british american tobacco p.l.c. sustainability report 2011 - Engagement

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Sustainability Report 2011

Our work to develop reduced-risk products will be pointless if we cannot successfully bring them to market. So we are engaging with the scientific community and regulators to build support for tobacco harm reduction as a pragmatic public health policy.

EngagementWe are trying to build support for a broader approach to tobacco harm reduction by making presentations at scientific conferences, publishing our research in peer-reviewed journals and engaging with the scientific and public health communities.

At the heart of our approach is the belief that we must always be transparent about our science, making it publicly available for review by other experts and scientists. We publish details of our scientific research on Opens in new window and contribute to debates around tobacco harm reduction through conferences and journals.

In 2011, we carried out research into views on tobacco harm reduction among healthcare professionals in the UK, Sweden and Norway. We asked a representative sample what they thought about tobacco use, approaches to quitting and smoking reduction, their understanding of the risks of nicotine and the key factors associated with the health risks of smoking.

Most advocated a ‘complete cessation’ approach to tobacco use, rather than broader harm reduction strategies. Some held inaccurate views on what it is about cigarette smoking that poses serious risks to health. For example, many wrongly believed nicotine to be as harmful as tobacco smoke, when in fact it is toxicants in the tobacco and tobacco smoke that are responsible for most smoking-related diseases. Given the expertise of those surveyed, this general lack of understanding was surprising.

Another surprising result was that a number of those interviewed in Sweden were unaware of the impact of snus use on public health. A substantial number of Swedish men switching from cigarette smoking to snus use coincided with a lower rate of male lung cancer in the country than any comparable developed nation. Oral cancer rates also decreased and cardiovascular health significantly improved.

This research has highlighted the need to raise awareness about the different risk profiles of cigarettes, smokeless tobacco products and nicotine products.


We believe tobacco product regulation should be underpinned by sound scientific evidence and developed through transparent and accountable consultation with all relevant stakeholders. Our extensive experience in tobacco science means that we could make a valuable contribution to the development of tobacco harm reduction policy. We have encountered resistance to this in the past, but are beginning to see more opportunities opening up for us to contribute, as well as some governments starting to take broader approaches to tobacco harm reduction.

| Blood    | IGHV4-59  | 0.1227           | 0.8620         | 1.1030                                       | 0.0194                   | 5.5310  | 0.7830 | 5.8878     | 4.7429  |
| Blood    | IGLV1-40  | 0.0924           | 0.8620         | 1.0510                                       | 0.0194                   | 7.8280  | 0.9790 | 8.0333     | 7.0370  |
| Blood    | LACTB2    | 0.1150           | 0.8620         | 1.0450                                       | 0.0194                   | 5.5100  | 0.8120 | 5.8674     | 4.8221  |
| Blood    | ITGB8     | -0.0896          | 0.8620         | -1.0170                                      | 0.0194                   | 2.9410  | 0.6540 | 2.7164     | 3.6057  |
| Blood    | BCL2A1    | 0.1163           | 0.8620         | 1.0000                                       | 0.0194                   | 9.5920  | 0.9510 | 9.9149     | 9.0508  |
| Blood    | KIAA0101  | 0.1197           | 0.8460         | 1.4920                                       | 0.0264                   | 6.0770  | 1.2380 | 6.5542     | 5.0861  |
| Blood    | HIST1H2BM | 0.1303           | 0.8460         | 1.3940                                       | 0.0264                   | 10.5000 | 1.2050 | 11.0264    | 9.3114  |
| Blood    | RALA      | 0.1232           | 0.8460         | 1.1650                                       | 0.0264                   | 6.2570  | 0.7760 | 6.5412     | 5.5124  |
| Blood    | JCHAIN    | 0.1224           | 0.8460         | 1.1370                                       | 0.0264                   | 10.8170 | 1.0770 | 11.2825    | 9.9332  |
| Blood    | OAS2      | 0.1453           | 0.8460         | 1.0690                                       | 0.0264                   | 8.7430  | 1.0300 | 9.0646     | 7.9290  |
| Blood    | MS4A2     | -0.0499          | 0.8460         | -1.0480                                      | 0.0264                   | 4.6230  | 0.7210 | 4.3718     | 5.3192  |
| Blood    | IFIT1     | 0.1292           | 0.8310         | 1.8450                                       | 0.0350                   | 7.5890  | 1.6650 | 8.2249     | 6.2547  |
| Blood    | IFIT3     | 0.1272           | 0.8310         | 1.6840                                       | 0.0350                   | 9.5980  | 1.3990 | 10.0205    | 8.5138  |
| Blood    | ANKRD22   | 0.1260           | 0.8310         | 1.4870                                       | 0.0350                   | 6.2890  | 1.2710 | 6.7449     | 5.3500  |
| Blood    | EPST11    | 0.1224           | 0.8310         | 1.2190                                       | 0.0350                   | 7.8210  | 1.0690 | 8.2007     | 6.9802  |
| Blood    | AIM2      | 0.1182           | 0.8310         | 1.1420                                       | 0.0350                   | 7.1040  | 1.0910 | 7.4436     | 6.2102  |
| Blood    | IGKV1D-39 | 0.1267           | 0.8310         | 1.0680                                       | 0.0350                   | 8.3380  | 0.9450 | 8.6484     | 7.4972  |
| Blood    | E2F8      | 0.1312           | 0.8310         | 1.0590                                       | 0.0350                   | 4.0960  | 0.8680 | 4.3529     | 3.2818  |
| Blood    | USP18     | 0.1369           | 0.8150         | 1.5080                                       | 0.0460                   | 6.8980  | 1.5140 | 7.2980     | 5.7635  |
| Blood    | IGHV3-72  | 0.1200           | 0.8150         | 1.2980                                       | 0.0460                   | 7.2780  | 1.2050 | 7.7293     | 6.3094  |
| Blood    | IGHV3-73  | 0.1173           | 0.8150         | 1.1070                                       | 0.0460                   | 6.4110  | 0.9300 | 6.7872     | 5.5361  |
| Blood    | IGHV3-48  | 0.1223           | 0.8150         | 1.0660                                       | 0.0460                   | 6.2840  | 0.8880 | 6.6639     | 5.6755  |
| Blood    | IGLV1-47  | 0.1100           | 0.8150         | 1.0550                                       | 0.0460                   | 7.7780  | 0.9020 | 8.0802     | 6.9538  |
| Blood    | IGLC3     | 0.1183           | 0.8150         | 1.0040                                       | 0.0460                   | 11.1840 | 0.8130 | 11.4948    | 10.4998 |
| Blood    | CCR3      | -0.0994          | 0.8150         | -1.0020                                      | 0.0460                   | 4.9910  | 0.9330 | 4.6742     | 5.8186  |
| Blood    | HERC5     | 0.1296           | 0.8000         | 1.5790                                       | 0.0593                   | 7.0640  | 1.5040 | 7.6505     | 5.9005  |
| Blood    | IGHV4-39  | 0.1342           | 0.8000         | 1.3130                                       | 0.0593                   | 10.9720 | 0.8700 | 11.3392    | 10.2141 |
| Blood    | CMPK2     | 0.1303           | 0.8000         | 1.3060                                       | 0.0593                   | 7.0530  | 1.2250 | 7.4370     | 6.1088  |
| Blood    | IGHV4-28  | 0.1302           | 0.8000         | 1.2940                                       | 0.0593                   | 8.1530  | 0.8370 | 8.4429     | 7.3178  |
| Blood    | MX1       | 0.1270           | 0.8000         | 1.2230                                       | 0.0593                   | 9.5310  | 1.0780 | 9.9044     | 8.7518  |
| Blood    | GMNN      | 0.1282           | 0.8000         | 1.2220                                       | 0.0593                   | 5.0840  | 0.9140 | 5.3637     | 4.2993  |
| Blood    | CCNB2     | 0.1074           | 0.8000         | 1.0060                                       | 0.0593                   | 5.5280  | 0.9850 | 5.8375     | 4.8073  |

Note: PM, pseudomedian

In 2011, our Chief Scientific Officer sat on the expert panel of a workshop held by the US Food and Drug Administration (FDA) on developing scientific standards for the evaluation of modified risk tobacco products. The FDA’s approach is inclusive and evidence-based, something we strongly support.

The UK National Institute for Health and Clinical Excellence is developing guidance on harm reduction approaches to smoking. It sought contributions through a consultation process involving a range of stakeholders from across society, including the tobacco industry. We welcomed the opportunity to contribute and responded with our views.

Attended and presented at

Key conferences

including the annual conference of the Society for Research on Nicotine and Tobacco and the Society of Toxicology

There are many challenges associated with bringing potentially reduced-risk products to market, many of which are discussed in this Report. We have seen evidence of engagement with the regulatory and scientific communities and some public health bodies on the topic of harm reduction. Despite this engagement, public health policies remain targeted at prevention and cessation efforts, illustrating the continued importance of stakeholder engagement if further support for harm reduction is to be progressed.


Applying harm reduction principles to public health policies on tobacco/nicotine is more than simply a rational and humane policy... It has the potential to lead to one of the greatest public health breakthroughs in human history by fundamentally changing the forecast of a billion cigarette-caused deaths this century.

Sweanor, D., Alcabes, P., Ducker, E. (2007), ‘Tobacco harm reduction: How rational public health policy could transform a pandemic’. International Journal of Drug Policy, 18 (2), 70–74

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